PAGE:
Have you noticed that the "wedding season" is getting longer? In the Midwest, it now stretches from March to November. Since it's just June, there's a lot of season left! That's a lot of creating awesome events for happy couples, and many long days and nights making it happen. You may love your work and your clients, but over the long run, it's possible to burn out. So it's imperative that you set AND maintain boundaries with your clients - to keep your energy up, keep providing the best service possible, and protect your company's bottom line.
Setting boundaries boils down to three critical elements: determination, discipline and communication. First, determine what makes sense for you and your position or business. You have to know how you need and want to work in order to set boundaries. (So, this means that boundaries might change over time, as you learn more about your work.) Then, you have to be disciplined, to maintain the boundaries you set. Communication will help you. By telling clients up front how to behave, what to expect, and how you're going to work for them, you'll head off a lot of problems.
Here are some key areas for focus in developing your boundaries:
Business Hours: For businesses with retail locations and/or landline phones, having set hours isn't a challenge. But if you give out your cell number or do business out of your home, it's harder. Decide on a set of business hours. Communicate these hours on your website and Facebook page, and let your clients know them upfront. Then, stick to them. Don't answer your phone or texts if it's after your hours. If you find this difficult, set up "do not disturb" hours on the device.
Communication Expectations: When you first meet with a client, explain how you work. When can they expect to receive your bid package or contract documents? How long does it typically take you to answer email, and what do you consider urgent? How many times do you generally meet with couples before the wedding? As you're outlining your approach, check in with the couple to gauge their reaction. Some clients want more frequent communication or faster responses. This is your opportunity to establish expectations that make sense for you while still making them feel happy.
Clear Deliverables: Be very clear with your clients about what they can expect to receive from you, and when. Problems arise when clients don't know what to expect from you, so they become nervous. If you give them a clear schedule, list of deliverables, or other such information, it helps them feel comfortable. Comfortable clients tend to require less maintenance on your end. Once you've provided them with these expectations, however, make sure you meet them. If you're not running on schedule, be upfront with your clients. Let them know what's happening and what you're doing about it.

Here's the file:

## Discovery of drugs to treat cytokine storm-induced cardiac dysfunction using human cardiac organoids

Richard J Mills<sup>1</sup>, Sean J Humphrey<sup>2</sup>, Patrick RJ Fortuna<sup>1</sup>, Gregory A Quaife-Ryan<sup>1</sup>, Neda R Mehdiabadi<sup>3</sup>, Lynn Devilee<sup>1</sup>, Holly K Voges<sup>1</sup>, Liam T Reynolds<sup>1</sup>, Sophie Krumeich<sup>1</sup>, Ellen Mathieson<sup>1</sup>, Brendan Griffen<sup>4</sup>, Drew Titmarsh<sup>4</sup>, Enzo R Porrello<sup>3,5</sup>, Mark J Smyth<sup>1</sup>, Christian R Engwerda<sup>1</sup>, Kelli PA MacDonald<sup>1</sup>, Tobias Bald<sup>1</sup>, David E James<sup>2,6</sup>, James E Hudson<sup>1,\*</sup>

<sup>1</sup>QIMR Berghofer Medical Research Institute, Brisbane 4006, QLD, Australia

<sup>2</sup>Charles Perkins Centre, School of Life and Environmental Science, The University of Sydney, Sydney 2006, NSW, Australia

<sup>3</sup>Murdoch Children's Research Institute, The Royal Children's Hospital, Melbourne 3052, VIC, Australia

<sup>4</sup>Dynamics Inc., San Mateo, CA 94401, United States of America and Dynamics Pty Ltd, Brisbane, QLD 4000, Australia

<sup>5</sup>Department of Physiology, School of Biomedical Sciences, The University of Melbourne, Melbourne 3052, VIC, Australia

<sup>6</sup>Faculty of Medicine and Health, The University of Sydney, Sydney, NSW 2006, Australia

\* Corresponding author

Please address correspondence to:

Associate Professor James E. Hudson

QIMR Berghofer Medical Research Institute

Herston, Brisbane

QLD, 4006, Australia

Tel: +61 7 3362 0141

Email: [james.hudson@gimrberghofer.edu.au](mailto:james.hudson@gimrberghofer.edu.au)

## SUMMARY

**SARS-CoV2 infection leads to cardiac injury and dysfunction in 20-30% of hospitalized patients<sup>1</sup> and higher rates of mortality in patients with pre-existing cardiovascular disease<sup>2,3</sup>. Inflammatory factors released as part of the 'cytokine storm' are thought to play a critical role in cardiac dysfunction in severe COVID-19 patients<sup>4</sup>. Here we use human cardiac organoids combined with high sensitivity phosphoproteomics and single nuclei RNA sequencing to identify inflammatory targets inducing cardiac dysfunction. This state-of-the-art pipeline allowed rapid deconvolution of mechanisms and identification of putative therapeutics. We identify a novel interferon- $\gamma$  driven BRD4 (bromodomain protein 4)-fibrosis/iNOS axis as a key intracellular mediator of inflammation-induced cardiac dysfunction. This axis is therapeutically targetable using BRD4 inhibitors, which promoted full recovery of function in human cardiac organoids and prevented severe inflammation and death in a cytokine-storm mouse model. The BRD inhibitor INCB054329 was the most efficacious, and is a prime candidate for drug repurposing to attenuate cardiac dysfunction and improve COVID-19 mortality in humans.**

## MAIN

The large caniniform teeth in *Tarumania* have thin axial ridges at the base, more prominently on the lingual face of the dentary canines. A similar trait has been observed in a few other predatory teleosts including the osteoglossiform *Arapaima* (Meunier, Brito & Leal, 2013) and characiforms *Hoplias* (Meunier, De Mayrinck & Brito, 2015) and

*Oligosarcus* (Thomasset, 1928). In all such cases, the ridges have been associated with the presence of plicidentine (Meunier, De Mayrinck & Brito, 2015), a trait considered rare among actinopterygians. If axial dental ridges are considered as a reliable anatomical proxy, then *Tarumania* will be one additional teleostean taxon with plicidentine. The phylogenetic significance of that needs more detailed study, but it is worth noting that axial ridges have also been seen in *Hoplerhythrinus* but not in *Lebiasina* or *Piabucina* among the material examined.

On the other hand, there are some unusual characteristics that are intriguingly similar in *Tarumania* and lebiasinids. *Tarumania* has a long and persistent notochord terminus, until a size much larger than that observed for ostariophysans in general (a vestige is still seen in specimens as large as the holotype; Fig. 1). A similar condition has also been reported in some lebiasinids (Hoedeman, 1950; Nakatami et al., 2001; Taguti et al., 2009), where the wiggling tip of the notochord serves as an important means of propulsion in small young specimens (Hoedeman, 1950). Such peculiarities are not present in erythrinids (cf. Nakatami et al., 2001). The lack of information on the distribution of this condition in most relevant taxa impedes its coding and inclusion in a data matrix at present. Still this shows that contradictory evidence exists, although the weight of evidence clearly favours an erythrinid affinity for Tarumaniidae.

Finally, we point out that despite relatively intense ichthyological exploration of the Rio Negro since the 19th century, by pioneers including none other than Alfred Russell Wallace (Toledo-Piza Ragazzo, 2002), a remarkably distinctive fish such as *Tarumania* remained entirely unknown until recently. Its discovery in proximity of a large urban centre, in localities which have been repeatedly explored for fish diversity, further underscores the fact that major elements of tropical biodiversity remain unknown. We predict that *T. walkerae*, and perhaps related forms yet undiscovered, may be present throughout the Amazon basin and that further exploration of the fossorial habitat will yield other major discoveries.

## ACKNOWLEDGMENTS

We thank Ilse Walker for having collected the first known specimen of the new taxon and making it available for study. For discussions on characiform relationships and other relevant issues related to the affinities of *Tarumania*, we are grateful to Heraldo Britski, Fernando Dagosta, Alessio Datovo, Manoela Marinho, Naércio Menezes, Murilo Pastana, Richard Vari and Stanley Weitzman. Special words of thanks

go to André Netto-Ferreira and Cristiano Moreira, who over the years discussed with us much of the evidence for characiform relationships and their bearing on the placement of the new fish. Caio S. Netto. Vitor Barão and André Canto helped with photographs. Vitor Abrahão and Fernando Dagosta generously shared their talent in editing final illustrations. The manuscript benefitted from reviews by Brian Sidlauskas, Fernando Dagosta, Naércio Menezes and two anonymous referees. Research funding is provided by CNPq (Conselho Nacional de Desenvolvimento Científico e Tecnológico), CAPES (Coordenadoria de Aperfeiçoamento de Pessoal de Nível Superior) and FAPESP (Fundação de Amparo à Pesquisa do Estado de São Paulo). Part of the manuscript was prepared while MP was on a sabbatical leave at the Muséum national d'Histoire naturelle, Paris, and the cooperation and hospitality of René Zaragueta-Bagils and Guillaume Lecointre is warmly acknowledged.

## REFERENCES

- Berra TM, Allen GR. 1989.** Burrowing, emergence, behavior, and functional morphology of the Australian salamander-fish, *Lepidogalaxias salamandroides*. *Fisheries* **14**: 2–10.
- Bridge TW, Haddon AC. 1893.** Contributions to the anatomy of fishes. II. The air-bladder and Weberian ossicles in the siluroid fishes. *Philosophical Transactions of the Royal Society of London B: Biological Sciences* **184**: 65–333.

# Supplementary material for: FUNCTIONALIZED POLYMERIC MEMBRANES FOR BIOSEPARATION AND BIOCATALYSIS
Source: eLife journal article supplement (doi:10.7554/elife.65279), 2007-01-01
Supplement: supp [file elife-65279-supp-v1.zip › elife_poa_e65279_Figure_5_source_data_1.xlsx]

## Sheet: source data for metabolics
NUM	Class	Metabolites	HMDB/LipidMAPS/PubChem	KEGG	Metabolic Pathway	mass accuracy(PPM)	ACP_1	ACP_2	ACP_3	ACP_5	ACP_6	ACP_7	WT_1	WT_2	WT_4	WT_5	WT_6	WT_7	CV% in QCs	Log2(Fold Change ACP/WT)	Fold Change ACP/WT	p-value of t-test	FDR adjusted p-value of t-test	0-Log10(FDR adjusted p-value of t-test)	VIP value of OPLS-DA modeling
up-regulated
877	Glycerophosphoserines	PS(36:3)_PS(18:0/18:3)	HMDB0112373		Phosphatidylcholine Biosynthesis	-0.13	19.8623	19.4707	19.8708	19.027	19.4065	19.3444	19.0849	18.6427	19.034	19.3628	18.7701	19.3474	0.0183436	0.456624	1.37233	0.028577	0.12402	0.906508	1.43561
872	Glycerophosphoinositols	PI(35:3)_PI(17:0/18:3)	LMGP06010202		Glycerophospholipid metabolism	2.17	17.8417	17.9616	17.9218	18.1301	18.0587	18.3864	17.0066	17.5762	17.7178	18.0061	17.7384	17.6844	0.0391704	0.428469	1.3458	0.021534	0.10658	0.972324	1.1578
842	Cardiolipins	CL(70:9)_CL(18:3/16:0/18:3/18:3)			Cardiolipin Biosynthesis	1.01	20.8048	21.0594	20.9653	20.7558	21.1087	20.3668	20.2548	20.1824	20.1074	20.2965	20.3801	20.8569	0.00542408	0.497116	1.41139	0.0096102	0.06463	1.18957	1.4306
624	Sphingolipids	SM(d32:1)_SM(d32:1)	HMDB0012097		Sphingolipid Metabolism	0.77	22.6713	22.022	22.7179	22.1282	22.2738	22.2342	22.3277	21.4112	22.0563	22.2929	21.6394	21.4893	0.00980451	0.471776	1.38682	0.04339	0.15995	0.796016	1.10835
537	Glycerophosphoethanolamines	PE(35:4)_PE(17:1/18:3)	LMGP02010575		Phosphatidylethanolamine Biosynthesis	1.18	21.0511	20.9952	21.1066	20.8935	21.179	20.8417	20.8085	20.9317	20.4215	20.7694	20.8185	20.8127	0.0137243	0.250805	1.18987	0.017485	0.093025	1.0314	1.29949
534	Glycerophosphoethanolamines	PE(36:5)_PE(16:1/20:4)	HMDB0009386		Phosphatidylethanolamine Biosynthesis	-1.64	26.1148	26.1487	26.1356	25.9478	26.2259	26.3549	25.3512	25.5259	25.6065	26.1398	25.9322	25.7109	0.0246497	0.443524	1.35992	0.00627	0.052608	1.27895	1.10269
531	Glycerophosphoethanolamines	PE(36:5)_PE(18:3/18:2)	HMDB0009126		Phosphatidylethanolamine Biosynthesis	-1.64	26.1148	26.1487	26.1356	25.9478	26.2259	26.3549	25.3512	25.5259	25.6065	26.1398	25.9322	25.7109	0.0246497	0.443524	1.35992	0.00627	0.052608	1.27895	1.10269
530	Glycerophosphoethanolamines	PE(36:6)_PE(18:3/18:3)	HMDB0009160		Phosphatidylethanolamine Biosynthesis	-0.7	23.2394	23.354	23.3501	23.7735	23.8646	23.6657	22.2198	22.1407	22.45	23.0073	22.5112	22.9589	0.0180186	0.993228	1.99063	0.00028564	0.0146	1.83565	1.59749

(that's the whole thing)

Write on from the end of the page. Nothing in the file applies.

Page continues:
Pricing Clarity: "Scope creep" is an often overlooked area where clients can drain you. For example, if your pricing is based on two one-hour meetings, but you end up meeting with a client four times, are you charging for these additional hours? Several years ago I adjusted my approach, so that I offer "a la carte" services like additional meetings at a set price. At the end of each consult, I outline what their bid pricing will include, and what would trigger additional charges. As a result, I've spent far less time doing essentially free work.
Professionalism: We know that millennials love to feel like they're friends with their vendors. They're seeking that personal connection. There's a line, though, between developing a warm relationship, and allowing it to take over your business time. You probably know the meeting - two hours later, you're still listening to the MOB going on and on about the family's personal politics. By wearing your "professional" hat and steering the talk back to your business, you're setting a boundary that can prevent you from becoming embroiled in personal drama and losing precious time that you could be spending developing new business.
What ways have you found to set and maintain boundaries with your clients? Did you have a particularly bad incident that caused you to change the way you do things? We would love your comments below. Share something that will help all of us be better wedding professionals!